When my mother had brain surgery to remove a tumor in May 2020, I thought that was the most difficult thing that could happen during the pandemic. I thought once she recovered from that my caregiving role would be over and I would go back to my life as a “normal” 20 year old woman. Three weeks before my 21st birthday, less than two months after her surgery, my mother was diagnosed with breast cancer. My role as caregiver had only just begun.
Caring for someone with cancer during the COVID-19 pandemic added another layer of stress and anxiety on top of the baseline “cancer stuff.” Now I was suddenly living with an immunocompromised person during a time where even the healthiest people were scared to step outside to buy groceries. From July 2020 to March 2021 we were isolated. Completely. Neither of us worked or went to school; we talked to friends and family only over the phone. We saw nobody except doctors and nurses at the hospital. The fear of COVID was so intense that it almost became a distraction from the cancer. My goal in caring for my mother became not to cure her illness, but to make sure she didn’t contract the virus that was lurking everywhere. Cancer brought so much uncertainty regarding life and death, whereas if she caught COVID we were more certain that the outcome would be bad.
Every week at chemotherapy was a game. Would they let me in with her not? Sometimes the nurses turned a blind eye and ignored the “no visitors” sign they had themselves taped to the wall. Sometimes they were strict and I was left to wait outside the glass doors for hours, not able to sit down or relax knowing what she was enduring inside. We were the lucky ones. Her treatment was not delayed or cancelled due to overburdened hospitals. Every day that I spent sitting outside that ward I thanked God for that. After treatment we would make it home and I would sit beside her bed watching as the drugs made her sicker and sicker. And then we would do it all over again. We were in a day to day cycle that encompassed only us and cancer and nothing and nobody else.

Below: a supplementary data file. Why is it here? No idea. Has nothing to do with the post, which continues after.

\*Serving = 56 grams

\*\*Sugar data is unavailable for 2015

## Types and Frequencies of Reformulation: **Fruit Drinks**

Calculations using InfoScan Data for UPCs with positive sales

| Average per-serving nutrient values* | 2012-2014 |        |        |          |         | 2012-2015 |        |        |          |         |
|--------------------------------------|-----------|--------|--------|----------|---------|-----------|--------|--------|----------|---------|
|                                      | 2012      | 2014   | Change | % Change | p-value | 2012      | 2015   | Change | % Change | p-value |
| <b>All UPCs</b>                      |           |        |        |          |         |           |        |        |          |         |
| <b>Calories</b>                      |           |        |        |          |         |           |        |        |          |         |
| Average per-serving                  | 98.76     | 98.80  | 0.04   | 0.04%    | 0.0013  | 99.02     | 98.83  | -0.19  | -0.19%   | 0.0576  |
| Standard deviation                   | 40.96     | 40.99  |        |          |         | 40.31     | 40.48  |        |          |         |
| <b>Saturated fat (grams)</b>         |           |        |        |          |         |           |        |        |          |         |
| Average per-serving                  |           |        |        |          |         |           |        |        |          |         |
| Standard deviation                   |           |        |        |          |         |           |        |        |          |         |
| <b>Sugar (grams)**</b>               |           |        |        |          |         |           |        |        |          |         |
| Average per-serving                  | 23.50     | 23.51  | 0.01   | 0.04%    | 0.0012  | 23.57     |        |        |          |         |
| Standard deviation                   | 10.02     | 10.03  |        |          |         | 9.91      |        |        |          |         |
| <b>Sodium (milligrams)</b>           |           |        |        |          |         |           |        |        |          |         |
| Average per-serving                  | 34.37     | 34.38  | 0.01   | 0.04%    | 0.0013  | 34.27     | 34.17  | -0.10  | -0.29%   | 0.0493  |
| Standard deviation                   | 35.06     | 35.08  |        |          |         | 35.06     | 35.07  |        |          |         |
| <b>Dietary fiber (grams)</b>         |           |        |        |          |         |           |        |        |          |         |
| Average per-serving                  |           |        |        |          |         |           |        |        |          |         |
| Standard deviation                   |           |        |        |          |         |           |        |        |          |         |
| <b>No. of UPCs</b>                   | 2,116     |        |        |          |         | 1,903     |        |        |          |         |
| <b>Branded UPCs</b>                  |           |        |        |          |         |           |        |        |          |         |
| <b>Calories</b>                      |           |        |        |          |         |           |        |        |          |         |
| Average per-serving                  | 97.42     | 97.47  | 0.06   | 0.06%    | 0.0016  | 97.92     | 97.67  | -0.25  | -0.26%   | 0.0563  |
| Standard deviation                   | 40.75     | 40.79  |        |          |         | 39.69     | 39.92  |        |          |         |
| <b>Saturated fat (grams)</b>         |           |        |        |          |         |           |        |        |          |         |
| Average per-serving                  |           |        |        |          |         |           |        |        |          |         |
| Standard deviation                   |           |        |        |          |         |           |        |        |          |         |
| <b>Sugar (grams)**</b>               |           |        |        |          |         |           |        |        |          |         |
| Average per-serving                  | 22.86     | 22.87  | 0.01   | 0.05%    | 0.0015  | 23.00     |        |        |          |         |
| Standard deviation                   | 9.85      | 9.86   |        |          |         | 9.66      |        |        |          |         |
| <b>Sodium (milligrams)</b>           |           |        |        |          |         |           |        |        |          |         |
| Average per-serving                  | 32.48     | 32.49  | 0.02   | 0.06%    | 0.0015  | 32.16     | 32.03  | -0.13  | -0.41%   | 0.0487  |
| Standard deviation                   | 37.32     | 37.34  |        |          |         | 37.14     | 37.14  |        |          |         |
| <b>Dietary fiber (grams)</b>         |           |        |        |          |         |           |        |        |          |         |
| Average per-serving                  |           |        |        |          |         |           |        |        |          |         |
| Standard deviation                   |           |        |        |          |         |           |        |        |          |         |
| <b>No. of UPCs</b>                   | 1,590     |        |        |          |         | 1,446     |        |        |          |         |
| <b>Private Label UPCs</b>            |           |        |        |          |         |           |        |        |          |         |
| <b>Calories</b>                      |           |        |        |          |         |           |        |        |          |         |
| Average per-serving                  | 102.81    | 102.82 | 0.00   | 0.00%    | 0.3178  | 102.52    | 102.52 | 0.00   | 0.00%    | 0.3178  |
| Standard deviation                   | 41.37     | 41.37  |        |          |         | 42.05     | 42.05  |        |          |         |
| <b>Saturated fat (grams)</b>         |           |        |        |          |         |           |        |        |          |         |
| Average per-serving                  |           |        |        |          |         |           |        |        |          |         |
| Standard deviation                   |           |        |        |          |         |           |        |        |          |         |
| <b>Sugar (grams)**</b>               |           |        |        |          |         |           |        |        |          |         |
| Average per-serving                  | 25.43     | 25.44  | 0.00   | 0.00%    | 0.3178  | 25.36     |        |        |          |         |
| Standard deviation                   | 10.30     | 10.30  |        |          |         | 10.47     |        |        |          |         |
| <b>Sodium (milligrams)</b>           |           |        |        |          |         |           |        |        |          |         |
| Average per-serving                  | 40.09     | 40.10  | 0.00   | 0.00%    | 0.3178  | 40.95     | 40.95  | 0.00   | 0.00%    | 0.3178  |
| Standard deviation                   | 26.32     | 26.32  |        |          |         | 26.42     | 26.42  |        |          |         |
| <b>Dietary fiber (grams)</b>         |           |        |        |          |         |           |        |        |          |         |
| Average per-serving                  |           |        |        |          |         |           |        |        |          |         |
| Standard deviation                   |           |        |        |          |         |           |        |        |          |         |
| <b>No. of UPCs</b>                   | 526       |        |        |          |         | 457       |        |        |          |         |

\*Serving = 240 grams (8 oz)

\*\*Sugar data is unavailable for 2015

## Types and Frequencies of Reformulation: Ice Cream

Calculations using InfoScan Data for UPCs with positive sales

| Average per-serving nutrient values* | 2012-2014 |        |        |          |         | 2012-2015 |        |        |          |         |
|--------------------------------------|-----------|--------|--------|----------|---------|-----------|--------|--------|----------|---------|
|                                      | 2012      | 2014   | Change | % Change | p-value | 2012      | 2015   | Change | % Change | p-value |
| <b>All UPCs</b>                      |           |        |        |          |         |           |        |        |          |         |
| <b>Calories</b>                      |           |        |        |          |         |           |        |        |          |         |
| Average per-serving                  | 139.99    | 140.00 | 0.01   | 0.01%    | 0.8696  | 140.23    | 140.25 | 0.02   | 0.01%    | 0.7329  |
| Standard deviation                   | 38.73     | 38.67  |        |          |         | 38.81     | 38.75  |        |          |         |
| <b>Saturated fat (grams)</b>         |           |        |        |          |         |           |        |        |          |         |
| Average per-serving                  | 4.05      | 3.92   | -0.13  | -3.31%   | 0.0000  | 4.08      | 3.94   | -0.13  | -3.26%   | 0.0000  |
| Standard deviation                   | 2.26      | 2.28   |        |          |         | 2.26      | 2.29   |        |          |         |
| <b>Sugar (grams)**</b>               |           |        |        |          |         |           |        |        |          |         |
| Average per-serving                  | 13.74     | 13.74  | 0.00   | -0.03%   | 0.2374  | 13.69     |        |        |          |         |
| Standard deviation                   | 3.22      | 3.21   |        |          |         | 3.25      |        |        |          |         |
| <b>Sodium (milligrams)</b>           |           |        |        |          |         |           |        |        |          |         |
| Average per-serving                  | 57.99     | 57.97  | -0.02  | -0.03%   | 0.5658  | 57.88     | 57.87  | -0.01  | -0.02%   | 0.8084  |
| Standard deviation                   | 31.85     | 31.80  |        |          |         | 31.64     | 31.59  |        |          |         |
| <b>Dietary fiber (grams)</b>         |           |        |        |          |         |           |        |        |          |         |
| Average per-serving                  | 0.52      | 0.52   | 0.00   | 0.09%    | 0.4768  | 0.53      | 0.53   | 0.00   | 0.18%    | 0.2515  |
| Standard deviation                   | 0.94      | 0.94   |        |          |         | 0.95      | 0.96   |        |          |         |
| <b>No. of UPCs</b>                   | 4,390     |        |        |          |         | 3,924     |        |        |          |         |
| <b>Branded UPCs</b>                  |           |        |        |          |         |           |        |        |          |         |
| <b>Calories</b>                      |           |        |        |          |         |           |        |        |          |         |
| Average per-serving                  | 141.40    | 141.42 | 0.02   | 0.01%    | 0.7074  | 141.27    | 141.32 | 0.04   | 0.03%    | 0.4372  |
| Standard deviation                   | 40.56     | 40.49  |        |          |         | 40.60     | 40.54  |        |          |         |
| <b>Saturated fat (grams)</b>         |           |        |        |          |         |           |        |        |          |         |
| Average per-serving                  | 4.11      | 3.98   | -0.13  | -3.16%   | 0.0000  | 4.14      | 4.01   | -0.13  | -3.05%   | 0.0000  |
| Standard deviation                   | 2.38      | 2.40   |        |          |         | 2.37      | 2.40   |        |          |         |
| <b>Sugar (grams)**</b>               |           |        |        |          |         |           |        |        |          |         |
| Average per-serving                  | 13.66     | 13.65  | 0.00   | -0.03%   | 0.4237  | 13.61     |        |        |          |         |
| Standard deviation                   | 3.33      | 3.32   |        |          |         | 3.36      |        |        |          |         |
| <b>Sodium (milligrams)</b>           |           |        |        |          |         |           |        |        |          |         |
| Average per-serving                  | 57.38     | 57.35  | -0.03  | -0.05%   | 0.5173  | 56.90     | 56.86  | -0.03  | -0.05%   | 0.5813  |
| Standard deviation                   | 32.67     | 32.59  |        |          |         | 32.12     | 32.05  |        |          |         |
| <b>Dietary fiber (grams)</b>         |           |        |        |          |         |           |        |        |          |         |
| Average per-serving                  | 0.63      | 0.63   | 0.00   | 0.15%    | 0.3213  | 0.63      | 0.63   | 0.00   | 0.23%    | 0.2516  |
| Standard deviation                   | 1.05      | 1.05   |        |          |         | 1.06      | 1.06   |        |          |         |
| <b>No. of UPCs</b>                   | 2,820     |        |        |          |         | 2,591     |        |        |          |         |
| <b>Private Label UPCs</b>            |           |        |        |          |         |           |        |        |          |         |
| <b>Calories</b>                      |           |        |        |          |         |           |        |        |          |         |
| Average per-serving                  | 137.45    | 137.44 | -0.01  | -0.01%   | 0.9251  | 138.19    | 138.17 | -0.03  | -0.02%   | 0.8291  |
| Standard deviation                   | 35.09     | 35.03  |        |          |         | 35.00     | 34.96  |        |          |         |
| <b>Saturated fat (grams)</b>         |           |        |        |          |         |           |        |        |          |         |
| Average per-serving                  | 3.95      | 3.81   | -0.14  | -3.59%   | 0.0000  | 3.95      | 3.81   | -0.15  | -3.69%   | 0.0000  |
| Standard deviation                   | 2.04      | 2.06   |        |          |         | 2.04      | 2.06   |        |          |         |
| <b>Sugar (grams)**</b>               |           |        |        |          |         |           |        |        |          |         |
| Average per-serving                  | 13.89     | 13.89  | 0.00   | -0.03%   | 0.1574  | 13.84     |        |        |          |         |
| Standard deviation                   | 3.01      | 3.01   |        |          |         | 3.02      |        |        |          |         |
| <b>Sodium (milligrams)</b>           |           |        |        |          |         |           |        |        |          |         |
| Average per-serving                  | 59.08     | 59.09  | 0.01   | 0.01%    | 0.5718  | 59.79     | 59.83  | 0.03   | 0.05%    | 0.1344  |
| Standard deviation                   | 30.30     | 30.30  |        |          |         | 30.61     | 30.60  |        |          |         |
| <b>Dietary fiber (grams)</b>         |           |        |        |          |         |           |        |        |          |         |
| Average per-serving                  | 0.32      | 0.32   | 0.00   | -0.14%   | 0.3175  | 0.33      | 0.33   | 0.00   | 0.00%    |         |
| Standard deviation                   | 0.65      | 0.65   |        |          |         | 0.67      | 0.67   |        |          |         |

As we fought our way through these weeks, another tragedy began to unfold. After Christmas 2020, it was clear that her father, fighting the same evil illness that we were, was declining quickly. For the whole year we had been unable to travel internationally to visit him, and the end of his life was no exception. The phone calls became more difficult. I held my mother’s hand through her brutal cancer treatment while witnessing my grandfather lose his battle with cancer over video call. It was a surreal nightmare.
He passed away without us getting to see him one last time. Without getting to celebrate his daughter completing her own cancer treatment.
Suddenly I was caring for a cancer patient and a grieving daughter at the same time. All while trying to grieve the loss of my own grandfather and the trauma surrounding the way his life ended.
Being a caregiver to someone who is very ill often makes you feel helpless. Watching a loved one pass away in another country over the phone leaves you feeling completely powerless. The feeling of being utterly useless hung over me for much of this ordeal. I have learned that we have very very little control of our lives.
The pandemic continues as I write this. People continue to be diagnosed with cancer. People of all ages continue to go from regular lives to being full time caregivers every day. The same emotions I felt and still feel as well as the same challenges that my mom and I went through will always affect people. It’s a difficult position to be in. I wouldn’t wish it on anybody. And yet, I am doing it. I got through the last many months of hell and I continue to wake up to whatever the next day brings. Because strength comes from the times when you think you can’t go on, but you do. And although we are weak now; sick and grieving, we are at the same time stronger.
By Annika Vera